Unicode & IETF

Whistler, Ken ken.whistler at sap.com
Tue Aug 12 00:48:12 CEST 2014


> The other irony about this is that, if you want consistent and
> easily predictable behavior, you should be asking for exactly
> whet we thought we were promised -- no new precomposed
> characters under normal circumstances unless there were
> characters missing from the combining sequences that could
> otherwise be used to form them and, if any exception was made to
> add one anyway, it should decompose back to the relevant
> combining sequence.  

And the *other* other irony about this is that that is exactly
what you have gotten!

The relevant data file to watch for this is:


which carries all the information about the "funny cases" for

The last time an exception of the type you are talking about --
a new precomposed character being added, for which a
canonical combining decomposition had to be added simultaneously
to "undo" the encoding as a single code point, so that the NFC
form was decomposed, rather than composed, was for
U+2ADC FORKING. That went into Unicode 3.2, in March, *2002*,
12+ years ago.

The claim in the Unicode Standard for the cases like U+08A1
beh-with-hamza and U+A794 c-with-palatal-hook, is that these
are *ATOMIC* characters, and not actually precomposed characters.
Therefore they do not fall afoul of the stability issue for the
formal definition of Unicode normalization. They are encoded
because they are *not* equivalent to what might naturally be
taken as a pre-existing combining sequence.

This is an old, old, old, old issue for the Unicode Standard. The
line has to be drawn somewhere, and it is not at all self-evident,
contrary to what some people seem to think.

Cases like adding acute accents to letters clearly fall on one
side of the line.

Cases like making new letters by erasing parts of existing letters
or turning pieces around clearly fall on the other side of the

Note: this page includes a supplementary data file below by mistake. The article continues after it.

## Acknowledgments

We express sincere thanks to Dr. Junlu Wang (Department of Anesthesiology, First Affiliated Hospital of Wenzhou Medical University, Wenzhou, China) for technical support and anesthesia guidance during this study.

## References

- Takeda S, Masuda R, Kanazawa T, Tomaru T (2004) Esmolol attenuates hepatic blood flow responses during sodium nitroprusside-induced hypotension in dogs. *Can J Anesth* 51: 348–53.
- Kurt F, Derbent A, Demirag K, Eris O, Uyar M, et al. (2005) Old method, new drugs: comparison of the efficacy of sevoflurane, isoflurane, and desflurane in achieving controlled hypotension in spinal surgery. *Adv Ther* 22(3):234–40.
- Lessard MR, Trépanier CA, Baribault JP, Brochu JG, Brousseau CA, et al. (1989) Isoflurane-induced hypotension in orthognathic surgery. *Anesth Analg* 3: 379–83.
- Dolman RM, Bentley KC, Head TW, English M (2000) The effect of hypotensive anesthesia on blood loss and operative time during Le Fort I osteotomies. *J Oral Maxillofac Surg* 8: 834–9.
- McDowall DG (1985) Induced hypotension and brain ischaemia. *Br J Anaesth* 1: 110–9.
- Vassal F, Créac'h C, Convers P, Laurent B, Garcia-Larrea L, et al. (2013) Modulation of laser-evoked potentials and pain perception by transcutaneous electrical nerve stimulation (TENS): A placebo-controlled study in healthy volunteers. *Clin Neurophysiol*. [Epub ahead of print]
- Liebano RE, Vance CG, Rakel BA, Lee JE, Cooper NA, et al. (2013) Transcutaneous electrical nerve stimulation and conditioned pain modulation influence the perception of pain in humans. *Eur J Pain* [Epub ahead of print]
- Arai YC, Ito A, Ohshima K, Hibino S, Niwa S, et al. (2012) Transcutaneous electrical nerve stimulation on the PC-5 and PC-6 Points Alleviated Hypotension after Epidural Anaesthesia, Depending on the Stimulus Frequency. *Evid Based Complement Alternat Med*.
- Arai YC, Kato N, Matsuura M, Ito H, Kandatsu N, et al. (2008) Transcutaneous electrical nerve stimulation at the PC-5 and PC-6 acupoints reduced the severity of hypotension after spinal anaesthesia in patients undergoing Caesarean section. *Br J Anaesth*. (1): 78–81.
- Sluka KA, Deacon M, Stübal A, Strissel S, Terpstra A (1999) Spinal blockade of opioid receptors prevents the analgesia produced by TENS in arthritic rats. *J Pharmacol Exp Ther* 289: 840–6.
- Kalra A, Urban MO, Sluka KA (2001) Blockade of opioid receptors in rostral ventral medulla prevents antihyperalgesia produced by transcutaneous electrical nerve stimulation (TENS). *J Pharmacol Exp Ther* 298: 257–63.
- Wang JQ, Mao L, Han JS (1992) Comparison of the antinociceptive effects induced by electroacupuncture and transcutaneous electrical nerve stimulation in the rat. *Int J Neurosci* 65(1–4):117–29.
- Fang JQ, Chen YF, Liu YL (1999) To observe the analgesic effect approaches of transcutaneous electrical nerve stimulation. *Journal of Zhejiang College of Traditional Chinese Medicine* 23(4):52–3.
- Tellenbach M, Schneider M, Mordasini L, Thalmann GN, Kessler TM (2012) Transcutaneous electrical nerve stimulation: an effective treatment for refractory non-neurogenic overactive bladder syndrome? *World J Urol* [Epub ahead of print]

line. (Meditate, perhaps, on U+1D09 LATIN SMALL LETTER TURNED I.)

Cases which make new letters by adding ostensibly systematic
diacritics which then fuse unpredictably into the forms of the
letters are the middle ground, where the UTC had to place
a stake in the ground and decide whether to treat them all
as atomic units, despite their historic derivative complexity,
or to try to deal with them as ligated  display units based on encoded

And just to make things more complicated, the encoding for
Arabic was/is systematically distinct from that for Latin.
For Latin, the *default* is that if the diacritic is visually
separated from the base letter, then a precomposition is
presumed. However, for Arabic, because of the early history
of how Arabic was encoded on computers, the line is drawn differently:
any skeleton + ijam (diacritic) combination is encoded atomically,
and is not treated as a sequence. The known exceptions to
that principle are well documented and historically motivated.

This is noticeably messy, of course, both because writing systems
are messy, and because the history of computer character
encoding itself is messy and full of hacks. However, two
points should stand out for the takeaway here:

1. It is not possible to have a completely internally consistent diacritic
encoding story for Latin (and scripts like it). Quit trying to
have that pony!

2. It is not possible to have a completely consistent model
for how diacritics are handled between Latin and Arabic.
Quit trying to have that pony, too!

What we have in Unicode instead is a perfectly serviceable donkey
that can move your cart to market.


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